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Gregg Allman Sues To Stop Production Of 'Midnight Rider'


The singer Gregg Allman has agreed to drop a lawsuit against movie producers who were making a film about his life. Allman was suing to stop production, in the wake of a fatal accident on the set. Georgia Public Broadcasting's Emily Jones reports on where the lawsuit goes now.

EMILY JONES, BYLINE: The lawyers on both sides of the case reportedly stayed late at the courthouse last night, hammering out an agreement. The negotiations came after an initial hearing yesterday that focused on a fatal train accident on the set of the film about Allman's life. One crew member was killed, and six others were injured in the February crash.

In court yesterday, lawyers asked director Randy Miller whether he and his team paid enough attention to safety on set. Since the accident, reports have alleged the filmmakers didn't have permission to shoot on the train tracks, and didn't take enough safety precautions.

Allman's attorney asked Miller repeatedly if he had seen a permit for crew members to be on the tracks. Miller took offense at the question.

RANDY MILLER: I was in the middle of the track, and I almost died. Don't tell me that.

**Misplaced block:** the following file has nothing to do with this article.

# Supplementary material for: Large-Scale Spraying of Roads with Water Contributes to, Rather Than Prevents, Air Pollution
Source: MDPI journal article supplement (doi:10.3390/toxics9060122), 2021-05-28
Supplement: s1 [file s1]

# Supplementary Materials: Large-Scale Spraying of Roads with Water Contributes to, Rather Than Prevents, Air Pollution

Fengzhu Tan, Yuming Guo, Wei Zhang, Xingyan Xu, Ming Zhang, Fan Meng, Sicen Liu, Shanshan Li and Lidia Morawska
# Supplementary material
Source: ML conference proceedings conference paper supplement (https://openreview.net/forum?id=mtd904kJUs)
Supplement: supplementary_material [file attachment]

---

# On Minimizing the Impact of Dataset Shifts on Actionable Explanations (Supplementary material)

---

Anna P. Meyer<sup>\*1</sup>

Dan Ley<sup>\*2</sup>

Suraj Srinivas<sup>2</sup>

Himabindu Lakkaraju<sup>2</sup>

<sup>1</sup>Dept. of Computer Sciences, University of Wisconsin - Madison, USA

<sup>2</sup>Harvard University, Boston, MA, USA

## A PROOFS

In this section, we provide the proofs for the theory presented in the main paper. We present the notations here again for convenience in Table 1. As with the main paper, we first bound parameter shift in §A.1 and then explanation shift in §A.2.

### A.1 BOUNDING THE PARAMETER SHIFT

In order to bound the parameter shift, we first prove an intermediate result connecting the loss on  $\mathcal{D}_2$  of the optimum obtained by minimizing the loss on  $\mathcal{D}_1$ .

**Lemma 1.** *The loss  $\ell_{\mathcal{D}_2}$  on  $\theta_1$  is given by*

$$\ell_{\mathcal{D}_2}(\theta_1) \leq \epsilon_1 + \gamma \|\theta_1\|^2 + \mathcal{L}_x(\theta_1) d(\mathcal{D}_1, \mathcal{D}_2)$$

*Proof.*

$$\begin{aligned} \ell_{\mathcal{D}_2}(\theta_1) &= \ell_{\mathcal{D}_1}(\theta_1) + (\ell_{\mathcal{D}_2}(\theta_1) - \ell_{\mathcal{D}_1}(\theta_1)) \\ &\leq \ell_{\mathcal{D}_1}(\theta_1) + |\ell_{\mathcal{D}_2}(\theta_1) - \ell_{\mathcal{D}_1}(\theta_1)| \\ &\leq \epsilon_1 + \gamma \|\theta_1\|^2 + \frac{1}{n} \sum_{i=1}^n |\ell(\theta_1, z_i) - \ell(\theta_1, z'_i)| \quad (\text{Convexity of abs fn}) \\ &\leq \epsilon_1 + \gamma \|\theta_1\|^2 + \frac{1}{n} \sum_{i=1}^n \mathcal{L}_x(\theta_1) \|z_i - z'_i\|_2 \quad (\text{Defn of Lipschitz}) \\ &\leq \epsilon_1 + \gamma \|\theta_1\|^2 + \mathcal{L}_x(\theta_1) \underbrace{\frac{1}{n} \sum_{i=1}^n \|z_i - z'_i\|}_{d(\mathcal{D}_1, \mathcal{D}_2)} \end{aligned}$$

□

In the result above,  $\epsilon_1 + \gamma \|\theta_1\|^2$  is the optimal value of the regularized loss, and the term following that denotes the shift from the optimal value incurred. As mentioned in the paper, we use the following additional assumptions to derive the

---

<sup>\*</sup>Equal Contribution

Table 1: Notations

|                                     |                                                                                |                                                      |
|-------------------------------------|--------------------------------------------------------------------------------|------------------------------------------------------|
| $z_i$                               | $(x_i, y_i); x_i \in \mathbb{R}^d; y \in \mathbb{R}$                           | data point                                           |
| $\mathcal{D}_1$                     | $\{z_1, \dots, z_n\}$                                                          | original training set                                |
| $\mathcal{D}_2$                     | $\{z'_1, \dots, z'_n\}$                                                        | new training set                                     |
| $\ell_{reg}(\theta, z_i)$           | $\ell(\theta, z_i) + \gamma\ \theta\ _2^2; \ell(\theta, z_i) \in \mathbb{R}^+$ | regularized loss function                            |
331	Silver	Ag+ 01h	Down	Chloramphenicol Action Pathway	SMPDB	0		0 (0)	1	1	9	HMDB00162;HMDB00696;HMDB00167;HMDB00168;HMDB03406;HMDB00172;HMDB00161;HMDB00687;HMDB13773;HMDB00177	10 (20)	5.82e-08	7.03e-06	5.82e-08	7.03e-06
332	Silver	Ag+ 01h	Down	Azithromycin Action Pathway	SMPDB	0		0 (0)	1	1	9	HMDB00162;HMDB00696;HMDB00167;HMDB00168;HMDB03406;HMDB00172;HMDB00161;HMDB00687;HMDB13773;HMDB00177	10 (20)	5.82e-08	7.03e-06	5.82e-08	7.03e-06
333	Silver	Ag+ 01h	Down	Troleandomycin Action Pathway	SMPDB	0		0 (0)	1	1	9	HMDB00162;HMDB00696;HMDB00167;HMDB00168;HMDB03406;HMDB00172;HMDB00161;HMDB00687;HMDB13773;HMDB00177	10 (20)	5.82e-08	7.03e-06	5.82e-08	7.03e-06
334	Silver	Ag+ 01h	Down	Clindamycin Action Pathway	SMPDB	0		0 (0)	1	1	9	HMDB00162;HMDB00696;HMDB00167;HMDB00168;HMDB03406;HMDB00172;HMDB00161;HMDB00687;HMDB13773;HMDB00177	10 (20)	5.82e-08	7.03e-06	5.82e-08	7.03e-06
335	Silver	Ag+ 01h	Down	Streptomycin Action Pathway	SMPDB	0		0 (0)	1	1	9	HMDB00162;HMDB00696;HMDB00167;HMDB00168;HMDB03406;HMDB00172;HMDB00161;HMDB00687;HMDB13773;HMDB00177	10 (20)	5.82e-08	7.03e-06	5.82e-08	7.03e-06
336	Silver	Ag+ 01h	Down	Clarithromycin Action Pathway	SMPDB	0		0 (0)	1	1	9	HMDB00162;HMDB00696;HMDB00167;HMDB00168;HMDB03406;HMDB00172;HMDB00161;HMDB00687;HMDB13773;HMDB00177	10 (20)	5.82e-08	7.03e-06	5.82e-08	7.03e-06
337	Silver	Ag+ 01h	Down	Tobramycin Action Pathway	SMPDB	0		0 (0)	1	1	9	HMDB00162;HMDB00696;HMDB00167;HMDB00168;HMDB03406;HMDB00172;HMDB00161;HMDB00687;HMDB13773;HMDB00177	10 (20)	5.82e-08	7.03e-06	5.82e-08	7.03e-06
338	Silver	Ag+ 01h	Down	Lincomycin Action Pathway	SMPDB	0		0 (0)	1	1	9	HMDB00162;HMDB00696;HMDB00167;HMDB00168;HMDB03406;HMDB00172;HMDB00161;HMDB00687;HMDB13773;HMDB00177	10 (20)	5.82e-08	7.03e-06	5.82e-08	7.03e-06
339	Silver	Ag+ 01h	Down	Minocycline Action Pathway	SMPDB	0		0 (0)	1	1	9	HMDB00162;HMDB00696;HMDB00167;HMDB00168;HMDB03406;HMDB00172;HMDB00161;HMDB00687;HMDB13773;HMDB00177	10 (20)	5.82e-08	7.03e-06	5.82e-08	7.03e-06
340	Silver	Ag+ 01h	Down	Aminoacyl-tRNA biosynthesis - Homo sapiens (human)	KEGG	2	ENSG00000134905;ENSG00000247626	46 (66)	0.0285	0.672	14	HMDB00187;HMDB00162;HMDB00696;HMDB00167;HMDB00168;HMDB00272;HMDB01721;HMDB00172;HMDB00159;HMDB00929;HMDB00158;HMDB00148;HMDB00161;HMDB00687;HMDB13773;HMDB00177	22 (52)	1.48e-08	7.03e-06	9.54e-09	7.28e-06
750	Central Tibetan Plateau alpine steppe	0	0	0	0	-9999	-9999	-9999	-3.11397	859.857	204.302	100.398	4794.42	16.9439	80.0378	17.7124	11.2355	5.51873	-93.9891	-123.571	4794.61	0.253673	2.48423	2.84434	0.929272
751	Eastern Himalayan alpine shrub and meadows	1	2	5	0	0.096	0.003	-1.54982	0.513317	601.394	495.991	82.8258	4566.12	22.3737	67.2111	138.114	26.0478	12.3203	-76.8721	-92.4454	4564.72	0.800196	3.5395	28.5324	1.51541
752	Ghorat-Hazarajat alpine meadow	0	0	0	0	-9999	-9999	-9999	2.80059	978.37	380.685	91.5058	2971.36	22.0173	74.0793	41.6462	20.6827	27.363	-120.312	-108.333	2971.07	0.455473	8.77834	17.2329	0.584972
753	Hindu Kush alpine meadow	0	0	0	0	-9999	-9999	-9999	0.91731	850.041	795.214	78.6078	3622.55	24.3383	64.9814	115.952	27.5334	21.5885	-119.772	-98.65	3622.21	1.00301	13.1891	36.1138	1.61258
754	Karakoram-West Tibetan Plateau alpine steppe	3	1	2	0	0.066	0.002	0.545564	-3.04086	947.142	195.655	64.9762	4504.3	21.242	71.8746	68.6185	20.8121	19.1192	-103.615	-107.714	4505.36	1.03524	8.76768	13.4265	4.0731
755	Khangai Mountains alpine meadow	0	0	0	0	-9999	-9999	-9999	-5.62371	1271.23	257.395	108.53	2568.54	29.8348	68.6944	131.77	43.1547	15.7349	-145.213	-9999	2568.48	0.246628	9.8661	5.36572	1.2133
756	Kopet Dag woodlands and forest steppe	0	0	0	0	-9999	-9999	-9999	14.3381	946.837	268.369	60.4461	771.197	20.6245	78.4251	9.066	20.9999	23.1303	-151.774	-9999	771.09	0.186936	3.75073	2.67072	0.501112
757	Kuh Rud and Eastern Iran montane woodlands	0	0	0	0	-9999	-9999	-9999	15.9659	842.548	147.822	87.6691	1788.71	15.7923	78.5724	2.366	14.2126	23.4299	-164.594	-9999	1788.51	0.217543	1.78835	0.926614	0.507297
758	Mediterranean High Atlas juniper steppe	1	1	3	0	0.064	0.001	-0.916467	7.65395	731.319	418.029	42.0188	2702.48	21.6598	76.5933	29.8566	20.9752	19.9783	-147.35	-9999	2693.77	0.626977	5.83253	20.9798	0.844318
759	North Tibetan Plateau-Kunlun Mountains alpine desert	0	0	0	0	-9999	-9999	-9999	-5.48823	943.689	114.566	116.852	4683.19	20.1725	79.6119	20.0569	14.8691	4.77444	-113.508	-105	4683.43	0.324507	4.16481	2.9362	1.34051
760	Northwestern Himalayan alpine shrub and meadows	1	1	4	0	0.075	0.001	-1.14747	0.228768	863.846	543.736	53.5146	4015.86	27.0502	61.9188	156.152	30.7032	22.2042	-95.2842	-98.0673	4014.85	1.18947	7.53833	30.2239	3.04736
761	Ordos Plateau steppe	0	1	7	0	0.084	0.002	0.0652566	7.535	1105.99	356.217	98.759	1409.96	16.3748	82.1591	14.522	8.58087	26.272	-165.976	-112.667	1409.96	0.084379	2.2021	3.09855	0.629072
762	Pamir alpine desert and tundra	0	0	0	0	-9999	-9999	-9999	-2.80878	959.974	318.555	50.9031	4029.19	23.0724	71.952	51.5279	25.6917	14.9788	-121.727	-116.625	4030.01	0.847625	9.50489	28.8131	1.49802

JONES: Miller said he was not in charge of permitting. Neither side would comment on the agreement in the works, beyond saying they had come together and reasoned with one another. The judge praised the parties and lawyers in the case for working toward an accord on their own.

For NPR News, I'm Emily Jones in Savannah. Transcript provided by NPR, Copyright NPR.

Emily Jones locally hosts Morning Edition and reports on all things coastal Georgia for GPB’s Savannah bureau. Before coming to GPB, she studied broadcast journalism at the Columbia Journalism School and urban history at Brown University. She’s worked for the Wall Street Journal Radio Network, WHYY in Philadelphia, and WBRU and RIPR in Providence. In addition to anchoring and reporting news at WBRU, Emily hosted the alt-rock station’s Retro Lunch as her DJ alter-ego, Domino.